It’s a heart-breaking story. Yesterday, 32-year-old Francisco Felix checked out of a Phoenix hospital. He expected to come home with a newly transplanted liver, but he never made it to the operating room. Not long ago, his operation would have been covered by the state’s health-care system for the poor, the Arizona Health Care Cost Containment System (AHCCCS). As of Oct. 1, the state stopped covering liver transplants, citing a lack of money and the procedure’s low long-term success rate.
Felix, 32, knew the operation wouldn’t be paid for by AHCCCS, but when a match for his liver materialized, he checked into Banner Good Samaritan Medical Center, hoping against hope that the $200,000 he needed would come from somewhere. It didn’t, and the liver reserved for him went to the next eligible recipient.
Felix’s story is tragic, of course, but it’s also a symptom of a much bigger problem. The U.S. would be in much better position to help people like Felix if we could stop the waste and inefficiency in health care. Consider these statistics from 2009:
“Already, the federal government spends eight times as much on health care as it does on education, 12 times what it spends on food aid to children and families, 30 times what it spends on law enforcement, 78 times what it spends on land management and conservation, 87 times the spending on water supply, and 830 times the spending on energy conservation. Education, public safety, environment, infrastructure—all other public priorities are being slowly devoured by the health-care beast.”
Whether the recent health-care reform initiative withstands the Republican onslaught or not really won’t matter much unless we address the real problem. The legislation didn’t fix the health-care mess at all. It made health insurance available to more people, but it did nothing to address the runaway health care costs that will continue to put meaningful treatment out of the reach of countless Americans.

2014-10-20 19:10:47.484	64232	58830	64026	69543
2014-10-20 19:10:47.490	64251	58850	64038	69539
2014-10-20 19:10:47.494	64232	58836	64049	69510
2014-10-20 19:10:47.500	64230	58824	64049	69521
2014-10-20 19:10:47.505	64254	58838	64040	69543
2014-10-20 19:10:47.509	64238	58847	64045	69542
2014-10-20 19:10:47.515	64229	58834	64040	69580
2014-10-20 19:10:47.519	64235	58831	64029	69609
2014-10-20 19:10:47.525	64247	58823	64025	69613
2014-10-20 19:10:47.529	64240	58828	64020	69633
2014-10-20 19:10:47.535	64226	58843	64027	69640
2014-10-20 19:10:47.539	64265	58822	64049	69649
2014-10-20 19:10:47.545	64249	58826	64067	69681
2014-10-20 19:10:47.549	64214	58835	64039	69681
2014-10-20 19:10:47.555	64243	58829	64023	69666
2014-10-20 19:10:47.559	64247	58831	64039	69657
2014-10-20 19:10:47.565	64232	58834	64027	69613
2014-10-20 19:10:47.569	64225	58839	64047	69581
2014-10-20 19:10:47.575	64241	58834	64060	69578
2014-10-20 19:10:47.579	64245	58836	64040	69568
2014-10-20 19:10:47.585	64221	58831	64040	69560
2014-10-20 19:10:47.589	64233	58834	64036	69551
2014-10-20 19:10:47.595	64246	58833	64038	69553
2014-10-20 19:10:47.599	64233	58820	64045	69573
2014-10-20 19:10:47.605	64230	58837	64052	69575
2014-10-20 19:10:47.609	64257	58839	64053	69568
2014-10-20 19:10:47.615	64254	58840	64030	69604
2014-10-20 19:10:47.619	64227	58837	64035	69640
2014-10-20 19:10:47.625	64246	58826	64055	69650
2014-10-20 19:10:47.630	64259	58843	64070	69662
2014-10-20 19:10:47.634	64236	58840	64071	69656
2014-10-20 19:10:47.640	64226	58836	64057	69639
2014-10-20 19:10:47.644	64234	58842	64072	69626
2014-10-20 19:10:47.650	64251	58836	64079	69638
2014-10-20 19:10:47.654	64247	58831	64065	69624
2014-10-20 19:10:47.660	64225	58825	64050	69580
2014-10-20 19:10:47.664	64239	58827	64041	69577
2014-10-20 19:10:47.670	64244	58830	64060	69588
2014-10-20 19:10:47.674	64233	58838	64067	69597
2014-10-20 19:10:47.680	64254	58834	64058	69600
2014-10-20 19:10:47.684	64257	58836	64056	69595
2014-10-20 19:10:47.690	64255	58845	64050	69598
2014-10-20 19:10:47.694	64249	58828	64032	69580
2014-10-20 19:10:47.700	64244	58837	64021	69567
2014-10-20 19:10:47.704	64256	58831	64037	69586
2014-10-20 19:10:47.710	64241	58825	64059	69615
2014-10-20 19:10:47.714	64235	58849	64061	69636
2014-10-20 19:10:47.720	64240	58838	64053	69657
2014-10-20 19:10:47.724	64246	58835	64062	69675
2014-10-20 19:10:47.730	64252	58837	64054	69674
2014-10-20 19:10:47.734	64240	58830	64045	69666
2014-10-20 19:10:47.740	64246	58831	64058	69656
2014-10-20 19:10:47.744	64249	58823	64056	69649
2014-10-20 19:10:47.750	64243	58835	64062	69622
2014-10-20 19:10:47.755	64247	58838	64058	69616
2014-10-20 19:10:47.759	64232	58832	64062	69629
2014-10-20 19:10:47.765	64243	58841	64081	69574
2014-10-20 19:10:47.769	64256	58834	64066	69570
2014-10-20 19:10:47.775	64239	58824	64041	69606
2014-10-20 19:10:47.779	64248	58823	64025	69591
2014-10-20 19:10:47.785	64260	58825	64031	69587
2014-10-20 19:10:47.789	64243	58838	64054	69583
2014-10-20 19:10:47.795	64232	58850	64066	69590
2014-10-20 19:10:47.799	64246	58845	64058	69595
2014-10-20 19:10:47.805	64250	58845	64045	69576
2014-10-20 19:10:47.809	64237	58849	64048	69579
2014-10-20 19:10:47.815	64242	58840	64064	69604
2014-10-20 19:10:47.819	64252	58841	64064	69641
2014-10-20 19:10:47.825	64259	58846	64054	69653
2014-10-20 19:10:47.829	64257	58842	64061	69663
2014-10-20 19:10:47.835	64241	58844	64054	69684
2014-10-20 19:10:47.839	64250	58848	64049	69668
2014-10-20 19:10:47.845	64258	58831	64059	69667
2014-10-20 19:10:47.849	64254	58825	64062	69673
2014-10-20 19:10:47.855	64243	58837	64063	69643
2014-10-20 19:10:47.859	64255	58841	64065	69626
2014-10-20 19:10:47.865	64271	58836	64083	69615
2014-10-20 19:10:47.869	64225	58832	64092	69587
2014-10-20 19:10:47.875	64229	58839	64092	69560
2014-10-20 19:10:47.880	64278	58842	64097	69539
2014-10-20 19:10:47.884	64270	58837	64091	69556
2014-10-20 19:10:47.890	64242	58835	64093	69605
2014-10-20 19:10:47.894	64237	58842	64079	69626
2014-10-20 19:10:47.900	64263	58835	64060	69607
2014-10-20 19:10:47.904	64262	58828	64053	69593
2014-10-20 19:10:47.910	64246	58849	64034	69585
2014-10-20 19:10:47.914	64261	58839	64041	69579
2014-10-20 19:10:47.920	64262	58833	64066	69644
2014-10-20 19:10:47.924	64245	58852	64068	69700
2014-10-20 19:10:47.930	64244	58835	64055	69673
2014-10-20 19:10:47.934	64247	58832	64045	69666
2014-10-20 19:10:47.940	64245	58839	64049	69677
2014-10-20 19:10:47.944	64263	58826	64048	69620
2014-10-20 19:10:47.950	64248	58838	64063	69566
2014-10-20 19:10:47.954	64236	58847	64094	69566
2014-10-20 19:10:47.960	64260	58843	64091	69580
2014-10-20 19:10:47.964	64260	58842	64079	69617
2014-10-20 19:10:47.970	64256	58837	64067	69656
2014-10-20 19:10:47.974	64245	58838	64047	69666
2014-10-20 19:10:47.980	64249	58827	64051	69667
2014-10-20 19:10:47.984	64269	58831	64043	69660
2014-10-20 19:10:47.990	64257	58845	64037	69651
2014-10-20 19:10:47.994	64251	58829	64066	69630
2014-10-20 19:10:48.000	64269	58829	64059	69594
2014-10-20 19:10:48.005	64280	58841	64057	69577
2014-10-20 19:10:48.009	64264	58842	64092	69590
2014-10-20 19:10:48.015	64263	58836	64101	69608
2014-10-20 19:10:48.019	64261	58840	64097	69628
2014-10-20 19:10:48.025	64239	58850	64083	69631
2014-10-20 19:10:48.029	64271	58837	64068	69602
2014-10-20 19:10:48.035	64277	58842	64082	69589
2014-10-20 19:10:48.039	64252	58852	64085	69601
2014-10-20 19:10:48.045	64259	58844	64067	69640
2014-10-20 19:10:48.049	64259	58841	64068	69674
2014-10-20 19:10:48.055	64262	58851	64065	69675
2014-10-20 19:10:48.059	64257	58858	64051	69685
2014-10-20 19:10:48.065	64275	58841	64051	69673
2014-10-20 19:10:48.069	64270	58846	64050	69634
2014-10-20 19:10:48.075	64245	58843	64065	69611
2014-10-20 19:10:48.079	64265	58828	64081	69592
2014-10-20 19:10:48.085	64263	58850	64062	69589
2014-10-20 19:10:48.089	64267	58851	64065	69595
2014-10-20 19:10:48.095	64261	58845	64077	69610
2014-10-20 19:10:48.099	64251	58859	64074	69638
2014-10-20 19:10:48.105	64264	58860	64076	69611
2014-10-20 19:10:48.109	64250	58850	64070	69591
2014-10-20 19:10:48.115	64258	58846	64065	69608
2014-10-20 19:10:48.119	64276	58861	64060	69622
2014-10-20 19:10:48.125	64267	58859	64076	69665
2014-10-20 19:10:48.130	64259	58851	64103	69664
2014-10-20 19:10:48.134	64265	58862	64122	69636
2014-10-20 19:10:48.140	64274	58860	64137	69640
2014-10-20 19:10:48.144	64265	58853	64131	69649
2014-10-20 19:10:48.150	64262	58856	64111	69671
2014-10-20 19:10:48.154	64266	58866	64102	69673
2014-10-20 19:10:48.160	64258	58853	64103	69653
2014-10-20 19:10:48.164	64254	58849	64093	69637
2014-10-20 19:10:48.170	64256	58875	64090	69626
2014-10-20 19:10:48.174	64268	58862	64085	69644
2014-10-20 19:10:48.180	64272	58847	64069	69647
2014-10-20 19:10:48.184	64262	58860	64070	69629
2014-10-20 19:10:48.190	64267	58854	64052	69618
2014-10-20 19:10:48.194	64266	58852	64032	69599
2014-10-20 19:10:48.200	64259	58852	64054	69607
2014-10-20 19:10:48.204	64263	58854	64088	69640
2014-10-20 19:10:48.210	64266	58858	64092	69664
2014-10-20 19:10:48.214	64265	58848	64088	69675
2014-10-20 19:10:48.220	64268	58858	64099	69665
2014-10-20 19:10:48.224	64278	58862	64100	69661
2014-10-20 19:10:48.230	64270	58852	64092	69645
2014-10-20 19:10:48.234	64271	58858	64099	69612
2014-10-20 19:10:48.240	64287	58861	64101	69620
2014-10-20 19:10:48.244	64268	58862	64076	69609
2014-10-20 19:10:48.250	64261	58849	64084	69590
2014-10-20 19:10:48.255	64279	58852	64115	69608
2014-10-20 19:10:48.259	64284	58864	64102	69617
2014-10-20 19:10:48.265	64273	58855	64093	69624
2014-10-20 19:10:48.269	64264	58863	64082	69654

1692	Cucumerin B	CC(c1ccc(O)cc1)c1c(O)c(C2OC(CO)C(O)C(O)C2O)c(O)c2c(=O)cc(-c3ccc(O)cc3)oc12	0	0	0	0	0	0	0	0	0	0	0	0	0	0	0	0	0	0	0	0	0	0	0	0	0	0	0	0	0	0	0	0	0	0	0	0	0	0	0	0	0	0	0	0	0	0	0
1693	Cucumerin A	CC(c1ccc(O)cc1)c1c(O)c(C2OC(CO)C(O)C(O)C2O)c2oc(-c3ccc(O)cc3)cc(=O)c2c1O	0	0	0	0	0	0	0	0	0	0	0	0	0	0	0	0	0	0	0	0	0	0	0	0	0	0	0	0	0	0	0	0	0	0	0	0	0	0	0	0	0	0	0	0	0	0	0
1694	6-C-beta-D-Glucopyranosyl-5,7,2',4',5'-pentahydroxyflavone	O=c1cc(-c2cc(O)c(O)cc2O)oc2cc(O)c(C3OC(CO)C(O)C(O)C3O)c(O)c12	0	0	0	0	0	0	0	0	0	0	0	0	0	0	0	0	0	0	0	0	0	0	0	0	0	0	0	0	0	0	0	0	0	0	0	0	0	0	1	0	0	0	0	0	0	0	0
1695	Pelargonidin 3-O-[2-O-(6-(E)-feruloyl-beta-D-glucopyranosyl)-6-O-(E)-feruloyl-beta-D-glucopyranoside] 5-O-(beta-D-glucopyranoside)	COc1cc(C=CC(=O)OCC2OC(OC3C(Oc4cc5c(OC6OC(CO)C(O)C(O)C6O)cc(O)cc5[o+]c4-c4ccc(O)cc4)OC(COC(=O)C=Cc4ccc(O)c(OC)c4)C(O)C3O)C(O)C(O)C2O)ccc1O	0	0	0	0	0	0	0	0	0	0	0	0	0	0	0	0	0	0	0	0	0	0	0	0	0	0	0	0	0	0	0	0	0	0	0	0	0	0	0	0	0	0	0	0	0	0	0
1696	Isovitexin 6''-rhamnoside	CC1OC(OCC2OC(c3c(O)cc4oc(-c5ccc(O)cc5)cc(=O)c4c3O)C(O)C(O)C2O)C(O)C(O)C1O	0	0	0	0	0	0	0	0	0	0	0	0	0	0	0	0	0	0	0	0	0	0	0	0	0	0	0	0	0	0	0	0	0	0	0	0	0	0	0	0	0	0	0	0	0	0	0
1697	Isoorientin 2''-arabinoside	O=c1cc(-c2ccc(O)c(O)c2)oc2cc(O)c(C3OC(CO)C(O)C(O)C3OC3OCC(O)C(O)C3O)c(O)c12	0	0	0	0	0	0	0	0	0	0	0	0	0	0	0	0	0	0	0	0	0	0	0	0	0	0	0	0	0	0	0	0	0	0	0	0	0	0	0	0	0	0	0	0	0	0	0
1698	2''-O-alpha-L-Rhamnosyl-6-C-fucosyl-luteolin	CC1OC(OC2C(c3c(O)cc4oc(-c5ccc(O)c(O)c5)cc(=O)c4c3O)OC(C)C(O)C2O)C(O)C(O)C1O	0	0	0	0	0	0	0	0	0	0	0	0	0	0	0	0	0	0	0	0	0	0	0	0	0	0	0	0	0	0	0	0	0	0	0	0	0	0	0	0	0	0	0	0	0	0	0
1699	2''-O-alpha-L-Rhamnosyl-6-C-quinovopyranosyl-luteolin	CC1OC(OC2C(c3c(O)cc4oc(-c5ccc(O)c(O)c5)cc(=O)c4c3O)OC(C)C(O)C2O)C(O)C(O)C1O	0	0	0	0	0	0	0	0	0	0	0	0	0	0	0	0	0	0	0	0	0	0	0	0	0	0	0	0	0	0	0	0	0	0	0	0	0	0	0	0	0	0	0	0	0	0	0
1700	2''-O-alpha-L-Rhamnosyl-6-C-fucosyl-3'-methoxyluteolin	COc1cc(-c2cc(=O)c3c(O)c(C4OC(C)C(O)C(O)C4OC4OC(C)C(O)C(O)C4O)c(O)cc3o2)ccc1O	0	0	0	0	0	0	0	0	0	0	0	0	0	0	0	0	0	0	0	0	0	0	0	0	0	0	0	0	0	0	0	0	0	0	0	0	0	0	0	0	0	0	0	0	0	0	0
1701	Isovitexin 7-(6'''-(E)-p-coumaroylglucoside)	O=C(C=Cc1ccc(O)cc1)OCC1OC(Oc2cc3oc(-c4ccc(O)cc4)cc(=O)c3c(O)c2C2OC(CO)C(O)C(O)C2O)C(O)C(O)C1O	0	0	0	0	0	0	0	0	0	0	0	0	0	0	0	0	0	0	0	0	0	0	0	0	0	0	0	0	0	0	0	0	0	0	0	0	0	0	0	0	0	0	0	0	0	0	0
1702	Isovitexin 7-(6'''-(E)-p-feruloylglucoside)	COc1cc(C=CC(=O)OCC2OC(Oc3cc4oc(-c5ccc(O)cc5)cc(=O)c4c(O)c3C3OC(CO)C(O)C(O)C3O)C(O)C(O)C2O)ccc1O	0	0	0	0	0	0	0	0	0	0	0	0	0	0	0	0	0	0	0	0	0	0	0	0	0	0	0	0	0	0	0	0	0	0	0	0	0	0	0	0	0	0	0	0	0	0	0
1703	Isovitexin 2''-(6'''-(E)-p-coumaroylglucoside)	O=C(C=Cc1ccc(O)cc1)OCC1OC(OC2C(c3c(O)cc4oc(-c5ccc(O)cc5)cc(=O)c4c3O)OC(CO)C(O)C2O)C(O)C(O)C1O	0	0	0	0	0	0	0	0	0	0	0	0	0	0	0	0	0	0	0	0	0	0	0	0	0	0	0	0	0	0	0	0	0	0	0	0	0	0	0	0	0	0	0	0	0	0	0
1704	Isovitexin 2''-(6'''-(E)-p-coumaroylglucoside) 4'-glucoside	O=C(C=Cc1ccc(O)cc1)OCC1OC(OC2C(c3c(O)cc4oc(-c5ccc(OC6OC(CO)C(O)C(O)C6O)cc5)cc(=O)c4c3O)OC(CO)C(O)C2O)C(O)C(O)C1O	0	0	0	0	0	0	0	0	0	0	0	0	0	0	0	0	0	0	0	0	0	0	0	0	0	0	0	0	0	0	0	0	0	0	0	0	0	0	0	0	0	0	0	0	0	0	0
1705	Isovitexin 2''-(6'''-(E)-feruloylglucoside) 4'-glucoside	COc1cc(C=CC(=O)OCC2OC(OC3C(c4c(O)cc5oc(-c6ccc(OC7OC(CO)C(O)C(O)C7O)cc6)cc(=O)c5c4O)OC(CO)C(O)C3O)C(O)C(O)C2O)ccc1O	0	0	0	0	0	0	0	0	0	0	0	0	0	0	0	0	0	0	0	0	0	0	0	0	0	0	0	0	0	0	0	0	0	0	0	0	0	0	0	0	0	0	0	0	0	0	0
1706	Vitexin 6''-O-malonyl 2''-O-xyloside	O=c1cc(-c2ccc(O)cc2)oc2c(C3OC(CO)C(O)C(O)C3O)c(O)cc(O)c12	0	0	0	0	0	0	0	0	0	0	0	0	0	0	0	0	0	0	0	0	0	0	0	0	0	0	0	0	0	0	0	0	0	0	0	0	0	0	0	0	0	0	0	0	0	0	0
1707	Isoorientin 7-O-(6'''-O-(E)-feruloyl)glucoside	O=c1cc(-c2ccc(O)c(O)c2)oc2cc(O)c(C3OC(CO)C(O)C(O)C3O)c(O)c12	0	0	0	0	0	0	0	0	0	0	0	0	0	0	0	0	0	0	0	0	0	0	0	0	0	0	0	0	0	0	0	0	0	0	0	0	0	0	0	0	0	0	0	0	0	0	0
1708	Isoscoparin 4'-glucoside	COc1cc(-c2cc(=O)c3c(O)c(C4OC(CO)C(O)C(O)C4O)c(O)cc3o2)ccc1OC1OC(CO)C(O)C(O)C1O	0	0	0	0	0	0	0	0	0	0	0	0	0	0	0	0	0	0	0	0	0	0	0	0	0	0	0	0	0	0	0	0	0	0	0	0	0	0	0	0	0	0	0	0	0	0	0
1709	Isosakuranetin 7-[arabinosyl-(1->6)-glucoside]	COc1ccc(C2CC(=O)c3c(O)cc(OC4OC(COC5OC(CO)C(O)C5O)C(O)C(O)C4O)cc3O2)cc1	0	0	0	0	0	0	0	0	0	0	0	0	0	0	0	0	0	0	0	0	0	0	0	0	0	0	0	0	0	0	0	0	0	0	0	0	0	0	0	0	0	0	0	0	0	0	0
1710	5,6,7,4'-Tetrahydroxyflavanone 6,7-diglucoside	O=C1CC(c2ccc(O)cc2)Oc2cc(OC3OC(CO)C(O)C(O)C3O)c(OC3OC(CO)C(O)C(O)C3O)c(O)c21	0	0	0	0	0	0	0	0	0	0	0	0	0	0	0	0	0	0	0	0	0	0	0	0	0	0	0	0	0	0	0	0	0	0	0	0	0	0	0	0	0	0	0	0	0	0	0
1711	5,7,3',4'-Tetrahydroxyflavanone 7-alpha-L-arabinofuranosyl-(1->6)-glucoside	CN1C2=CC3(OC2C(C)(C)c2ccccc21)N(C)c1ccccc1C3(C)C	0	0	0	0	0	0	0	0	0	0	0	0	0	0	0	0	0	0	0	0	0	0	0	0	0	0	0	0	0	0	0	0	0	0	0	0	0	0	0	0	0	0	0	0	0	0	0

The figures above come from an article by David Goldhill in the September 2009 issue of The Atlantic. The article, How American Health Care Killed My Father, is worth your time. It’s a long read, but it will give you more worthwhile health care reform ideas than you’ve seen in the past 20 years.
Goldhill is not a doctor or an academic. He’s a media executive who, among other achievements, has headed the Universal Television Group. He’s a Democrat, a savvy businessman and a driven observer who spent more than a year studying the U.S. health care system after his father died from contracting sepsis in a hospital. One of the first things he learned was that about 100,000 people a year die in the U.S. from diseases and conditions they contract after they enter a hospital.
He says that using insurance to pay for all our health care expenses is absurd. It removes consumers from their primary role of cost and quality control. It creates a moral hazard for physicians, who are tempted to order tests and procedures that may or may not be good for the patient but are always economically good for doctors and their colleagues. It also creates a tremendous administrative burden; for every two doctors in the U.S., there is one health-insurance employee.
Goldhill proposes a system in which people pay for ordinary and routine expenses out of their own pockets; pay for major expenses such as an appendectomy from savings or with credit; and use health insurance only for expenses resulting from true catastrophes.
By removing insurance from paying all health care bills, we can restore market forces, bring back competition and lower costs overall. He cites LASIK surgery as an example. Insurance usually doesn’t cover LASIK bills. As a result, prices have fallen as doctors compete against one another for business. We’d probably also have the resources as a society to help people like Francisco Felix.
Goldhill is a Democrat, so he has ways to involve the government but at levels far less expensive than anything proposed today. You should read the whole article to understand the nuances of his thinking.
As long as the GOP is hellbent on taking another run at health care, it should take a look at Goldhill’s ideas. Republicans should like their market-based underpinnings. We all should like the idea that we could begin to tame a system that has run out of control and isn’t getting any better.